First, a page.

Another class theme is the ideal role of the government. Here we see the Elders and the Committee in this society as the governing class that rules in this society. The use and the notion of the “great lie” that is told in order to create a sense of reasoning behind their actions. The expect that there citizens behave in a ethical way that constitutes everything from the way they speak, to the way they dress. These things are monitored through the watchful eye of the elders and because everyone in the community buys into the laws and the order set forth for them.

The relationship between the sexes is not that of love but one of necessity. There is no love involved physically or emotionally. There is no religion in the society and there seems to be no idea of God or a higher being.

Although not explicitly mentioned it seems that there is some technical advances they have been able to make in order to have women reproducing without having sex (the birthmothers). It seems technology is also responsible for the fact that they are unable to see in color and the suppression of certain feelings.


[1] http://www.npr.org/2014/08/16/340170478/lois-lowry-says-the-giver-was-inspired-by-her-fathers-memory-loss

[2] http://www.npr.org/2014/08/16/340170478/lois-lowry-says-the-giver-was-inspired-by-her-fathers-memory-loss

[3] http://www.loislowry.com/index.php?option=com_content&view=article&id=67&Itemid=196

[4] http://www.loislowry.com/index.php?option=com_content&view=article&id=67&Itemid=196

Divergent (2014); Faction Before Blood

“I don’t want to be just one thing. I can’t be. I want to be brave, and I want to be selfless, intelligent and honest and kind.”Four

Divergent (2014), directed by Neil Burger, takes place in a futuristic post-war Chicago, where a totalitarian society is separated into five factions, or groups where people share a primary characteristic. Erudite are the ones who value knowledge and logic; Amity farm the land and are always happy and harmonious; Candor are truthful and value honesty; Dauntless are the brave and fearless protectors, and police, of the city; and Abnegation, or Stiffs, are selfless, simple public servants who are trusted to run the government.

Beatrice Prior was born into Abnegation, along with her brother Caleb. They both undergo the obligatory aptitude test, which determines which faction they are best suited for. Although teens usually receive the result of the faction they are born into about ninety-five percent of the time, Beatrice’s results are inconclusive. Knowing she has a hint of Dauntless inside of her, she makes the bold move to choose Dauntless as her new faction during the Choosing Ceremony.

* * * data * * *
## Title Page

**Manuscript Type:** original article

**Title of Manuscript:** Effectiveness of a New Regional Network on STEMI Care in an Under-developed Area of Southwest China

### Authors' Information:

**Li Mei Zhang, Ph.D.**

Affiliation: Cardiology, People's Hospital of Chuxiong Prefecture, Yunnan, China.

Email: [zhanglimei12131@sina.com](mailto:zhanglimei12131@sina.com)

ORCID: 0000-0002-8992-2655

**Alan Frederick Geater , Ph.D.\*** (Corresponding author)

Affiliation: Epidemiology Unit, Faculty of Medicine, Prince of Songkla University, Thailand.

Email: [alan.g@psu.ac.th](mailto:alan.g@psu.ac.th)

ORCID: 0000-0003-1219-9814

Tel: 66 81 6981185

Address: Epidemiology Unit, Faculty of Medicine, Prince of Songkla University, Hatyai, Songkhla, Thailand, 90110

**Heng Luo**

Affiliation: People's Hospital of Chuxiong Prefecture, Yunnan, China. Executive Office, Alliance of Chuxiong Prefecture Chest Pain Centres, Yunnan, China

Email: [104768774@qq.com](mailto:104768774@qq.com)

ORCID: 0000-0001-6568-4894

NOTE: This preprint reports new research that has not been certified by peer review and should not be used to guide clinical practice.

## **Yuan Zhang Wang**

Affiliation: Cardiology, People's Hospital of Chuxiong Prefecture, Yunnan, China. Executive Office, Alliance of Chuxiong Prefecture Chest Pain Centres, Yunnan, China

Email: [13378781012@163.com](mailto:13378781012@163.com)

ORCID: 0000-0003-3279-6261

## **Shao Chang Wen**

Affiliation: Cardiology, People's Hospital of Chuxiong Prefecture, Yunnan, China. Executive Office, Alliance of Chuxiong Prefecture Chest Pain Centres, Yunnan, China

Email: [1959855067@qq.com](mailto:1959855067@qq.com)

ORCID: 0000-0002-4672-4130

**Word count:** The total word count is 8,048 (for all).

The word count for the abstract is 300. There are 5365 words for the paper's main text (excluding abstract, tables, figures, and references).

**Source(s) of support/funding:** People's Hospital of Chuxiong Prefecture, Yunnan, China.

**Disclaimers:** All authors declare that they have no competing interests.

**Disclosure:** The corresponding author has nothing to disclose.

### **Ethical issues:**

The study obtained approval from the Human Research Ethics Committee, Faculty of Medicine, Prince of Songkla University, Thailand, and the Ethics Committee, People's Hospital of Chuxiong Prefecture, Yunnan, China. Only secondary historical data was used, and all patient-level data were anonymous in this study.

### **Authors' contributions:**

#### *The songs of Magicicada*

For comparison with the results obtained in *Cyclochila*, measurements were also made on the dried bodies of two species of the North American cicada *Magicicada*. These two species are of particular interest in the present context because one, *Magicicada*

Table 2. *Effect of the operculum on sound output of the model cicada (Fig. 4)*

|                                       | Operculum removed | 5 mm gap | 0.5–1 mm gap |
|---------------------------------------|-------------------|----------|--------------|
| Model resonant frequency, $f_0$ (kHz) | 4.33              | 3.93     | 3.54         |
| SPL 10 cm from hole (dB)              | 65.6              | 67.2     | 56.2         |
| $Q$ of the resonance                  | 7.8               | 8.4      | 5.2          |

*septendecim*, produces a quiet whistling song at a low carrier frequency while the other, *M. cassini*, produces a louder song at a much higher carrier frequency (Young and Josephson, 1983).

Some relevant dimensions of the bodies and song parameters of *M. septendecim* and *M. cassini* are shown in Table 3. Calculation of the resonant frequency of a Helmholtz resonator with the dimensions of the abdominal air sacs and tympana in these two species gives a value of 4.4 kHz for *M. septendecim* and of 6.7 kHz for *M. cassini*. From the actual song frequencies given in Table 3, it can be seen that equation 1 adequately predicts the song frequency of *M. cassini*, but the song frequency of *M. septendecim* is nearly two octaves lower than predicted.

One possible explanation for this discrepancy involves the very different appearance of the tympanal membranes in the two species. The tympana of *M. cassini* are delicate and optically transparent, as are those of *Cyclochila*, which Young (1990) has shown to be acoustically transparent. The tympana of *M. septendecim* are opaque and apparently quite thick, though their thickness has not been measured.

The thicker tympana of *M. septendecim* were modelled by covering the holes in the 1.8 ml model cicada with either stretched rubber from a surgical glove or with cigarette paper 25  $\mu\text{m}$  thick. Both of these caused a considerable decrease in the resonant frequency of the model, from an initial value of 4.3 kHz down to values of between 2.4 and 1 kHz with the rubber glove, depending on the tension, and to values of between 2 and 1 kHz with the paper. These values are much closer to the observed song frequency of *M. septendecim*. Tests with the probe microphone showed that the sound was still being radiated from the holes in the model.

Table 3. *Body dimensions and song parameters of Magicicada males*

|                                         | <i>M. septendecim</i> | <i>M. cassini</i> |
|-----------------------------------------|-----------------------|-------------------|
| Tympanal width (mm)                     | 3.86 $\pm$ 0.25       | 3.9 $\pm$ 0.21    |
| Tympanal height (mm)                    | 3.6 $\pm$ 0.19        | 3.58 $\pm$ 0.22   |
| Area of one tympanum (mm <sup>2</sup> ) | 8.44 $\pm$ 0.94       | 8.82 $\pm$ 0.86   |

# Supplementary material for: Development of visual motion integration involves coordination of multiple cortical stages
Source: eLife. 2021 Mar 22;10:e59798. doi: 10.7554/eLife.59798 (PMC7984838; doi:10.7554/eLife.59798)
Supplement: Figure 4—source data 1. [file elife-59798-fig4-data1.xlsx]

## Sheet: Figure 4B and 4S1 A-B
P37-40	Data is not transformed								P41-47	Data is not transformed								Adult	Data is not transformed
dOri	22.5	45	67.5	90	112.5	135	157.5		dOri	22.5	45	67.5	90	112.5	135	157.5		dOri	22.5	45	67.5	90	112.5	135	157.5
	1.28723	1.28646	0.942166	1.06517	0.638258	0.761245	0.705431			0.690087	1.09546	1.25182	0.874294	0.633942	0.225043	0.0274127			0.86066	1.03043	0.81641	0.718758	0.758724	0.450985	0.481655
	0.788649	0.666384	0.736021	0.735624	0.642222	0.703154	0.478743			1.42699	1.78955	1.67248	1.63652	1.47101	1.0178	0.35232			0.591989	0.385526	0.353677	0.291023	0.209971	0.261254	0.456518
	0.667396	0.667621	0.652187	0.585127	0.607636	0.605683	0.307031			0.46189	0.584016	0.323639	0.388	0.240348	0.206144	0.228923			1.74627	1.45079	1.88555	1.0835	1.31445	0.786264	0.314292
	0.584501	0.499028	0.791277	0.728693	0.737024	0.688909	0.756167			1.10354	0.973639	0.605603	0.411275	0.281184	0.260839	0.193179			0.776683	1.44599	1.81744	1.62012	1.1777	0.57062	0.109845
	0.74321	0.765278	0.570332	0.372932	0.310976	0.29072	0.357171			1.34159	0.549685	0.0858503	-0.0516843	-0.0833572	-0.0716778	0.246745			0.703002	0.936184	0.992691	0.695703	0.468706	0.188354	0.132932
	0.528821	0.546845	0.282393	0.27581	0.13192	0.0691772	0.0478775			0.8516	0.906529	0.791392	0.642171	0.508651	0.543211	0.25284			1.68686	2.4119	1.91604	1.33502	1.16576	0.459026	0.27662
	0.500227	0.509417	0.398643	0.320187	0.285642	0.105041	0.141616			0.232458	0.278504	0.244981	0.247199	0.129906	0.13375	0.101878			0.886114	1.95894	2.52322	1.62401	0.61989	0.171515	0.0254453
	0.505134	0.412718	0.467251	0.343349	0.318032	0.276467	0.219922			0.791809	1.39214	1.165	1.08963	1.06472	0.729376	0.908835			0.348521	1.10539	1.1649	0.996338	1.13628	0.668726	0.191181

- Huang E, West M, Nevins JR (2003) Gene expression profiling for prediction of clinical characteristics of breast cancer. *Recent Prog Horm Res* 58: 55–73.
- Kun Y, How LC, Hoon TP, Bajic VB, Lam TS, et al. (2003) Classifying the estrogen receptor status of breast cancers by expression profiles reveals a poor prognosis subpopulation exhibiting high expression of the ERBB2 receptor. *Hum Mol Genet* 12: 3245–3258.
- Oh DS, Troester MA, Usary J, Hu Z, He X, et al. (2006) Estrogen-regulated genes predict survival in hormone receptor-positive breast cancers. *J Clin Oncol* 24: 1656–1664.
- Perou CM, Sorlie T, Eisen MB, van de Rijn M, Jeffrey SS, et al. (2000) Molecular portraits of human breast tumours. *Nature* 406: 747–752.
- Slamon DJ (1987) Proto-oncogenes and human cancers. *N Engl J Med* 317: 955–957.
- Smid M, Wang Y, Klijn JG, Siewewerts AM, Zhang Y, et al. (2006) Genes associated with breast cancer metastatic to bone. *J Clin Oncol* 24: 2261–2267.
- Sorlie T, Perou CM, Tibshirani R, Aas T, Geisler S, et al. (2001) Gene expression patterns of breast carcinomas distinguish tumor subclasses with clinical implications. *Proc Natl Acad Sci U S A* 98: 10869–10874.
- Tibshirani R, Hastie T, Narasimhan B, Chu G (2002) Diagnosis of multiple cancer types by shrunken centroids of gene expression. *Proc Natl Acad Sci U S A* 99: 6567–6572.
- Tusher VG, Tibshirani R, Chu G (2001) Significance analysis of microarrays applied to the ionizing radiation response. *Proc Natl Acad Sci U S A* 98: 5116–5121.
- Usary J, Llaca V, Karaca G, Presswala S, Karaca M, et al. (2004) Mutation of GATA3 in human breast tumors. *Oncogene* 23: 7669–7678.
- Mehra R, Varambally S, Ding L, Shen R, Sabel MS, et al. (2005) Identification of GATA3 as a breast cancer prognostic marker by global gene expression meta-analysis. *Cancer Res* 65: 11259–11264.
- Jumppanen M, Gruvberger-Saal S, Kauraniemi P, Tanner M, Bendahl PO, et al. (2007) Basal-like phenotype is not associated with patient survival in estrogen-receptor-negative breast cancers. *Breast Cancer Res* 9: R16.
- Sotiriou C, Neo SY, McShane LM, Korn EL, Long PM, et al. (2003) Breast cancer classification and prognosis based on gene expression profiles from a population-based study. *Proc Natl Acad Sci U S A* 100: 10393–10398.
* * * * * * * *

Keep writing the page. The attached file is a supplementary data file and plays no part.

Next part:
Training starts immediately and she must learn to be both physically and mentally fit to earn her stay within Dauntless. Now known as Tris, she steadily climbs the performance chart with her determination and dexterity. Meanwhile, she must protect her secret of being Divergent, or someone with multiple attributes of several factions. Divergents can think independently and creatively, and the government cannot control their thinking. Therefore, they are considered dangerous threats and are aggressively hunted down by Erudite, who are trying to gain control as the ruling faction.

Once society turns chaotic with the Erudite takeover, it’s up to Tris and others (who realize the system is flawed) to stop them.

Society reminds people of the terrible war of the past, in which the rest of the world was destroyed. The founders built a wall around the city to keep its people safe and divided everyone into five factions to sustain peace: Erudite (intellect), Amity (peaceful), Candor (truthful), Dauntless (brave), and Abnegation (selfless). This system was put into practice to prevent future conflicts. If anyone is Divergent, or conveys traits from all five factions, he/she is unable to be conformed or controlled by the ruling party—and therefore, are considered a threat to the “peaceful” system. Another group that does not belong to the five factions is Factionless—people who do not belong to any faction. Both Divergent and Factionless pose complications for this society’s effort at utopia.

Since Abnegation is selfless, they are entrusted with the power to rule and govern society. Erudite aggressively work behind the scenes to gain control of society and eliminate Abnegation, because they believe that intellects deserve the power to rule. This brings up the question: should a society be ruled by smart people, or selfless people?